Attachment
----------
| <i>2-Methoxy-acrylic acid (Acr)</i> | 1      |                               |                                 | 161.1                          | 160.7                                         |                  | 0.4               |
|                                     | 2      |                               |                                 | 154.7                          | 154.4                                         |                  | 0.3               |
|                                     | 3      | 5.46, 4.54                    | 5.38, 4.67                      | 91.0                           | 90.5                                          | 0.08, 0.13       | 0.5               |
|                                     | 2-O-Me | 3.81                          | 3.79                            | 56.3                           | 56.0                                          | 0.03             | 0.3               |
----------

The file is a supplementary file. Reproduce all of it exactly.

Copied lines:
| <i>2-Methoxy-acrylic acid (Acr)</i> | 1      |                               |                                 | 161.1                          | 160.7                                         |                  | 0.4               |
|                                     | 2      |                               |                                 | 154.7                          | 154.4                                         |                  | 0.3               |
|                                     | 3      | 5.46, 4.54                    | 5.38, 4.67                      | 91.0                           | 90.5                                          | 0.08, 0.13       | 0.5               |
|                                     | 2-O-Me | 3.81                          | 3.79                            | 56.3                           | 56.0                                          | 0.03             | 0.3               |